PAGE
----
As we tend to focus on the SME market, we require more ‘adaptable people’ and I find that good HR generalists are exactly that – they can turn their hand to lots of different things; whereas if you have worked in a very large organisation – even as a generalist – you may have been focussing on one niche capability.
In essence, we’re looking for depth and breadth of experience.
There are increasing numbers of people who are opting for freelance work straight from University. Would you be interested in contracting such a freelancer?
We tend to rely on an individual’s broad set of experiences. Although there is undoubtedly a need to understand theory (through qualifications), this work is not formulaic; it’s about applying your professional expertise to the situation that’s in front of you, and being able to demonstrate to that business owner, that manager, that FD – or whoever you’re talking to – that the solution you’re proposing is going to drive the outcomes that they’re interested in.
Although I would never say ‘never’ – those skills and competencies required to demonstrate professional aptitude tend to come from experience; with a proven track record across a number of different facets of HR. However, someone who has undergone a graduate training programme within a large organisation may undoubtedly have that experience we require.
So in terms of qualifications, is a degree essential?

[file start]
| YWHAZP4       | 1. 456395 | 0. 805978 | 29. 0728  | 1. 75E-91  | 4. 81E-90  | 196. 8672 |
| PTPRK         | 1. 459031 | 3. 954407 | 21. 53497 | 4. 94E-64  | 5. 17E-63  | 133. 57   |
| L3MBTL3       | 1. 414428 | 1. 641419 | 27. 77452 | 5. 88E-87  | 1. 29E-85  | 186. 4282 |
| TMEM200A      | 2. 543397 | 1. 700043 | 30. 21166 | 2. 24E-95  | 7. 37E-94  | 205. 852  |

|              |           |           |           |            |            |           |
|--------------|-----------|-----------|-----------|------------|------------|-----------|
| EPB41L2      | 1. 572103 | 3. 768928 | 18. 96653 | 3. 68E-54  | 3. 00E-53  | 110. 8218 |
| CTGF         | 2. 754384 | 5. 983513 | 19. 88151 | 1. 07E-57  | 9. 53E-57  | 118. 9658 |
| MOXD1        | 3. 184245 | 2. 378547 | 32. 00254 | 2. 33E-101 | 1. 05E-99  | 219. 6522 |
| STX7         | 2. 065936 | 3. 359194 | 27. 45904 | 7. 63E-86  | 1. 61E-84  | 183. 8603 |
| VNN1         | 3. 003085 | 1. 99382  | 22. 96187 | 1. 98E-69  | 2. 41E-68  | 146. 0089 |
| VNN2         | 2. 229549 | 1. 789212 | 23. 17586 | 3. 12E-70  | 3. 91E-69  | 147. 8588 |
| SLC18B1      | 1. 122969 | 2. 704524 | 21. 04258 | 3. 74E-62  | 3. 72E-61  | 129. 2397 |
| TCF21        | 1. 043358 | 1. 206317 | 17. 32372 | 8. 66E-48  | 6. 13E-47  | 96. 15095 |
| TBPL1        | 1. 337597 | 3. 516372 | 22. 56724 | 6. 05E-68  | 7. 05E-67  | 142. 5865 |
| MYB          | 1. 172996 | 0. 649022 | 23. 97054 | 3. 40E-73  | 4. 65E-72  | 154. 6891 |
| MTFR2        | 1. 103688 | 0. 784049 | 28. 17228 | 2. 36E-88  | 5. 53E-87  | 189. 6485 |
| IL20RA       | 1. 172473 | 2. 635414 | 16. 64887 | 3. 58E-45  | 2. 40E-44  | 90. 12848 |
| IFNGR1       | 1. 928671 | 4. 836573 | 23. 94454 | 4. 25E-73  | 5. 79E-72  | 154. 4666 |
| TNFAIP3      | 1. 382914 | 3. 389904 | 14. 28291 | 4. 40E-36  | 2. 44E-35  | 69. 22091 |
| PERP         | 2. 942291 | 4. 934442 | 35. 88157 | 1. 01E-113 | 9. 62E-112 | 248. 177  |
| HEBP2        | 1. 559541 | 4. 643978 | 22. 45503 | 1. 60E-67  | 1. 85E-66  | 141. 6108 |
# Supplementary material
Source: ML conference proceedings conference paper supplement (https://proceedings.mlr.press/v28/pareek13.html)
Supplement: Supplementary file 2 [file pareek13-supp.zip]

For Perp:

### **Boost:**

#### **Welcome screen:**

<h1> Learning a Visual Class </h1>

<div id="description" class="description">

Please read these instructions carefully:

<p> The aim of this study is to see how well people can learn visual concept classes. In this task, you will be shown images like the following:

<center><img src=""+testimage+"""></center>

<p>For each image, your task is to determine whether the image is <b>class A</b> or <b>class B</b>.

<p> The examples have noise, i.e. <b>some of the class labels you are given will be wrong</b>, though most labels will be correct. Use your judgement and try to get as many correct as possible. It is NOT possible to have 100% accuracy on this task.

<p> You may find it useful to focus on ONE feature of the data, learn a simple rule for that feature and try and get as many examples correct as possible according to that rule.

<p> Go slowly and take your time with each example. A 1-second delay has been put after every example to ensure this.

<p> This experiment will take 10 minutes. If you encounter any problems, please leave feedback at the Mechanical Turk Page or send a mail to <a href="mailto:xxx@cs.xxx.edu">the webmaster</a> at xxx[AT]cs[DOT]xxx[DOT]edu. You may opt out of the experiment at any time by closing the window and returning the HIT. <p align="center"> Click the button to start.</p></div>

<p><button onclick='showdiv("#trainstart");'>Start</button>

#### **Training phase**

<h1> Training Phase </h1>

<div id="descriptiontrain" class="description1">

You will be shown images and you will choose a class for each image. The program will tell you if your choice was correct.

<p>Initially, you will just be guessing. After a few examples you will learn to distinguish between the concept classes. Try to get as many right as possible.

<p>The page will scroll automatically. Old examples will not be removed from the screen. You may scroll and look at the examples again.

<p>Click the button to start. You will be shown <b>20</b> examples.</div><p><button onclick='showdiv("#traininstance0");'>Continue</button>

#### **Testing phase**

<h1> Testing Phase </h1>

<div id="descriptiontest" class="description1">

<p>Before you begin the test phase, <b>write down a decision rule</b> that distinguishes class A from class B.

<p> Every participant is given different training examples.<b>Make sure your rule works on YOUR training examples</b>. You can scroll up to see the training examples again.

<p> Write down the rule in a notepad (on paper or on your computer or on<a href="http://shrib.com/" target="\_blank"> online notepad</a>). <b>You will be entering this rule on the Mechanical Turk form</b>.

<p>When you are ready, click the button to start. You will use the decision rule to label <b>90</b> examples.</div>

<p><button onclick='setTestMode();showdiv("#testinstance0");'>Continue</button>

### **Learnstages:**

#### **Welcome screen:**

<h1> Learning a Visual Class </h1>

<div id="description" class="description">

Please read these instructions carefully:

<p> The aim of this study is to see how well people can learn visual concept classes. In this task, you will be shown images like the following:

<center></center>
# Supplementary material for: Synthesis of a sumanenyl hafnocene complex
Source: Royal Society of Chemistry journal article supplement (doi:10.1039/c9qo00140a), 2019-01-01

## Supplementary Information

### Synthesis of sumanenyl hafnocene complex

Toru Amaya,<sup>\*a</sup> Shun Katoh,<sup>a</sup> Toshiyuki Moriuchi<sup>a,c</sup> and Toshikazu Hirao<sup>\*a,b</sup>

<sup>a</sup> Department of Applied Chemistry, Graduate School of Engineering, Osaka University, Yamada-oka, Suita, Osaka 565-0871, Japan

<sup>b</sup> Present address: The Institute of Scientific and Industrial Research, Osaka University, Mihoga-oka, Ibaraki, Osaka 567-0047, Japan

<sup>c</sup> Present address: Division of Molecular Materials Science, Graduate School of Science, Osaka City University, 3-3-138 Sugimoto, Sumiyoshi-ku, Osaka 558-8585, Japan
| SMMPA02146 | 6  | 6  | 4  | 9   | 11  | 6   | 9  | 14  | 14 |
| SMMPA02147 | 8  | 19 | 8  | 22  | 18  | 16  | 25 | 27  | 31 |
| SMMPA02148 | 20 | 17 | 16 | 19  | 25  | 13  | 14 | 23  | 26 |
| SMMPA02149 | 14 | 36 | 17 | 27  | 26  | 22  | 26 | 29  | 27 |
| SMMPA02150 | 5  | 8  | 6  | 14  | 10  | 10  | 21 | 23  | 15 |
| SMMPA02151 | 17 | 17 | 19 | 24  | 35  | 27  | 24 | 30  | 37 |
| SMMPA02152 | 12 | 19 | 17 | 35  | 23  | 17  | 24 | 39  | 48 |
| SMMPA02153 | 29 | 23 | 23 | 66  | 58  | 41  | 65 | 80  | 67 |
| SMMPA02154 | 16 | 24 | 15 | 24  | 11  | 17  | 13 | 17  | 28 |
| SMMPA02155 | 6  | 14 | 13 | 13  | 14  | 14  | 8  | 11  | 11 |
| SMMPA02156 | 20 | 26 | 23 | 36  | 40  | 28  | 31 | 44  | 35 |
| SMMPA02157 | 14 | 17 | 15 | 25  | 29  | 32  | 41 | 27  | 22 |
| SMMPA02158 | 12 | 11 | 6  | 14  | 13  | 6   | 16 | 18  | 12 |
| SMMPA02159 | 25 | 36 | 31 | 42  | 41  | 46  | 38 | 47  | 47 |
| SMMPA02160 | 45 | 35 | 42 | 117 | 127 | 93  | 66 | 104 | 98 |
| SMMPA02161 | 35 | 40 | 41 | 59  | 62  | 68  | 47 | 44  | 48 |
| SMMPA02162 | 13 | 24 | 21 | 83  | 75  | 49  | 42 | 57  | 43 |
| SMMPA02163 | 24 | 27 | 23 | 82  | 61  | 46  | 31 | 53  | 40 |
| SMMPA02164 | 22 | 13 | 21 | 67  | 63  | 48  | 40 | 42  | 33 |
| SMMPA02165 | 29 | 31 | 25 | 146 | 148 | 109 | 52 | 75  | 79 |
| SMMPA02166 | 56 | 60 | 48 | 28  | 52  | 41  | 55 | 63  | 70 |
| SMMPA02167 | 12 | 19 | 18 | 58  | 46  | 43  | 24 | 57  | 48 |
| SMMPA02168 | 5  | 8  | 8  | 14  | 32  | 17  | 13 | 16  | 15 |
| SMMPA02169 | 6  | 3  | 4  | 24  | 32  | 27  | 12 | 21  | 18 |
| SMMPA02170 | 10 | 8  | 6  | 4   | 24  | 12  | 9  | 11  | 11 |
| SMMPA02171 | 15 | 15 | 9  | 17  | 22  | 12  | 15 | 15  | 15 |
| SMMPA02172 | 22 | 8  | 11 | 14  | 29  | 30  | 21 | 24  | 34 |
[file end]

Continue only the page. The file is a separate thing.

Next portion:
No – not in my opinion. It isn’t essential, although it is an easy indicator of a relevant intellect isn’t it? There are various degrees in Human Resourcing, and in specialist elements of HR but it isn’t essential. There has been a definite shift in the status of the profession; not least since the CIPD achieved a Chartered status, and I think things will evolve off the back of that – with the required skills sets to achieve MCIPD morphing as they become more subscripted.
What are the main attributes that you look for in a freelancer?
In terms of the individual, the ultimate test is ‘would I trust this individual to represent my business in front of a client?’
It’s about their credibility, it’s about their approach and personality – how they come across; are they an engaging, credible, and articulate individual? It sounds almost clichéd, but I want them to be flexible, and whilst they are working for me I expect the same high standards and service levels that I give. Whether you call it chemistry or personality – they need to gel with the team and be effective consultants.
I guess when it comes down to attributes of a freelancer; I’m looking for ‘my type of people’.
Where do you tend to recruit freelancers from?
There is a dedicated Careers Page on our website that any freelancer can submit their CVs through, but we tend to meet many of our pool of freelancers through networking.
Interestingly – at recent networking event I attended – there were 4 or 5 independent freelance HR specialists; and as soon as they found out my business most of them ‘closed up’ and didn’t engage further!
One of the attendees was a really dynamic ‘benefits’ specialist; and we’re already discussing how she can be contracted on our projects. The others, however seemed to see us as ‘competition’ – and I was genuinely shocked that they didn’t seem to grasp the ‘collaboration’ potential.